Bangalore: Infosys Ltd has signed a revenue-sharing agreement with IPsoft Inc., which uses software robots to replace human engineers, as part of the Indian company’s efforts to cut costs and gain more business from big clients that are adopting a pay-per-use billing model to reduce expenses.
As part of the partnership, the companies will establish a centre to train employees on the deployment of US-based IPsoft’s automation platform IPcenter at Infosys’s Mysore campus. India’s second largest software exporter said it plans to train about 5,000 employees in the next few months.
The move comes at a time when Indian software exporters are struggling to boost revenue and some top clients are beginning to separate project fees from the number of engineers deployed in an outsourcing project.
“Autonomics-driven services can bring to IT (information technology) support and maintenance the kind of productivity gains that robotics brought to the manufacturing industry,” Chetan Dube, chief executive of IPsoft, said in a statement.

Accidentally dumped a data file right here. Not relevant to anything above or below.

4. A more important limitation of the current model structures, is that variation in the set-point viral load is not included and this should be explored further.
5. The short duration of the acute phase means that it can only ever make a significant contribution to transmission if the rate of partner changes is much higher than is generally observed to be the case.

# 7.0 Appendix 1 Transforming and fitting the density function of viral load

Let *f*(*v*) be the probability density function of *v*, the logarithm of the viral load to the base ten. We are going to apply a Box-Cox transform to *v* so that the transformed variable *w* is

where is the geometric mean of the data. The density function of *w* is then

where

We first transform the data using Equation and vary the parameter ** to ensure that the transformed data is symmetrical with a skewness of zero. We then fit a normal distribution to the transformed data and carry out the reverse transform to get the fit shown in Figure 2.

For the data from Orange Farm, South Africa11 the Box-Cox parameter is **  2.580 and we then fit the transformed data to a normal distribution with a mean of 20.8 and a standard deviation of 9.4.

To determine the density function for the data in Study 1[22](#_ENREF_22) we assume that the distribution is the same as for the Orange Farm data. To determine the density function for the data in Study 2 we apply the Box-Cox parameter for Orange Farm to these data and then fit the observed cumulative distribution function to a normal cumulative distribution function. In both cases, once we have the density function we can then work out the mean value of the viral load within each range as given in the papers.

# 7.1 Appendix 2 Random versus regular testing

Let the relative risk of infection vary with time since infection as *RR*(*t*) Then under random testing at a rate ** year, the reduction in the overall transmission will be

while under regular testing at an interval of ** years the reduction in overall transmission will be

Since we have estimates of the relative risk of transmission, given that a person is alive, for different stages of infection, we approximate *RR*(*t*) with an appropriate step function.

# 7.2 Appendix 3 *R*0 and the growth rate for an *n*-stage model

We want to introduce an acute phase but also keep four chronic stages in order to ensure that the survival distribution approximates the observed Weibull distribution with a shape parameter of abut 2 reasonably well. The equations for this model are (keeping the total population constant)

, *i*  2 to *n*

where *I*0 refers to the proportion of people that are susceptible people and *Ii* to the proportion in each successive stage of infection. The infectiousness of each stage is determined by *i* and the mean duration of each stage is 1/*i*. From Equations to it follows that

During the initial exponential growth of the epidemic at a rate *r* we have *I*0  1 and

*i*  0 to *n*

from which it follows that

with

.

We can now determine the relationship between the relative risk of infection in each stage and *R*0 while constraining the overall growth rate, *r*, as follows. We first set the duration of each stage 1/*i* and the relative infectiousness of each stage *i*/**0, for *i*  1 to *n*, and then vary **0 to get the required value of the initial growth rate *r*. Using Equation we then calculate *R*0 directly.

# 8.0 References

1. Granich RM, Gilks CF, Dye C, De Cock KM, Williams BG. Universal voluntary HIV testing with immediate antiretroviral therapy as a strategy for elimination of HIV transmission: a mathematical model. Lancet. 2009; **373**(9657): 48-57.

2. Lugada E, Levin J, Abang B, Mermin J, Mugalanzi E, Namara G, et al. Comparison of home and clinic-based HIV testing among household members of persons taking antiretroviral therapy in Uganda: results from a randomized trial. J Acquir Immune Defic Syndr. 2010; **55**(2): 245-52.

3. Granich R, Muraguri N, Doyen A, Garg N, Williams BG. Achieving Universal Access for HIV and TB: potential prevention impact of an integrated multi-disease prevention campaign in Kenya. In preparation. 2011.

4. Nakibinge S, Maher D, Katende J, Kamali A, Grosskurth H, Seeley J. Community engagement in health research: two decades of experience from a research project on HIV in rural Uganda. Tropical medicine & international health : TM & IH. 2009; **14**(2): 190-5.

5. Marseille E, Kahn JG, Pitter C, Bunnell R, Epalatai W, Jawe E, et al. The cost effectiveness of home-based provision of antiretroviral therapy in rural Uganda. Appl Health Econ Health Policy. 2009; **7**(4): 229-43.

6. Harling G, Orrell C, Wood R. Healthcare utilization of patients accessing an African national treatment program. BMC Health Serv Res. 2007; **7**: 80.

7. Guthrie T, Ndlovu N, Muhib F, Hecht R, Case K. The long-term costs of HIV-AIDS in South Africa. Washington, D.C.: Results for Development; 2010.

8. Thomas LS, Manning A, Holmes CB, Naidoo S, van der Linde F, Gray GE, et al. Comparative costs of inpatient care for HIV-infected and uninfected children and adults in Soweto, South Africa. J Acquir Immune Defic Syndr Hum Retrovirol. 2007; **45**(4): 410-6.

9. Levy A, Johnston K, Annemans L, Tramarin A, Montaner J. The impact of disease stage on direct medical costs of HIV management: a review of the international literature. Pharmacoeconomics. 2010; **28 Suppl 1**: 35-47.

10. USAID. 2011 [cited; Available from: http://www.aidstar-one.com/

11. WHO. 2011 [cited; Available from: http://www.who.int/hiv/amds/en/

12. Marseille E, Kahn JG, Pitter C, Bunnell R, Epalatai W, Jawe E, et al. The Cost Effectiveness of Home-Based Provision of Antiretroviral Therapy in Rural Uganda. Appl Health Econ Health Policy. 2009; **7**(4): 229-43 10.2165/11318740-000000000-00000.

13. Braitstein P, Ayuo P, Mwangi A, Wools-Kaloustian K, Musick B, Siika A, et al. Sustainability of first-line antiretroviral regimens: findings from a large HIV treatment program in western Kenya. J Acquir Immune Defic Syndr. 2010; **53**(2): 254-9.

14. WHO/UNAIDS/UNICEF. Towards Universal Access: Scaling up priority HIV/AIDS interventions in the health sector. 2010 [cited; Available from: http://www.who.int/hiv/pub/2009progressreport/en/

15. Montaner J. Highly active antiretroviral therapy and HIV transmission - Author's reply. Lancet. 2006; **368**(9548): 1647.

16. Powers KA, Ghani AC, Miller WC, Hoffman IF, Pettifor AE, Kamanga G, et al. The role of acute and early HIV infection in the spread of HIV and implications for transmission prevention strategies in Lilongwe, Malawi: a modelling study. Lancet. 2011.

Infosys entered into a partnership with IPsoft as part of the company’s strategy of pushing up business volumes at the cost of profit margins, Mint reported on 31 March.
“As such, this partnership is important for Infosys because it will support the company’s non-linear strategy. But to me, the real innovation will come from expanding such automation technologies to application management and BPO (business process outsourcing) delivery capabilities,” Fred Giron, principal analyst at Forrester Research Inc., wrote in a blog post.
Automation has generally been seen as a threat to India’s $108 billion IT sector, as software robots made by companies such as IPsoft can automate and deliver IT projects at a cost that is less than a quarter of the billing rates of engineers from top firms such as Tata Consultancy Services Ltd and Infosys. This has forced the likes of Infosys and Wipro to partner with companies like IPsoft to avoid losing existing and new projects to the new model.
One of every four IT projects is expected to be automated in the next three years, according to technology researcher Gartner Inc.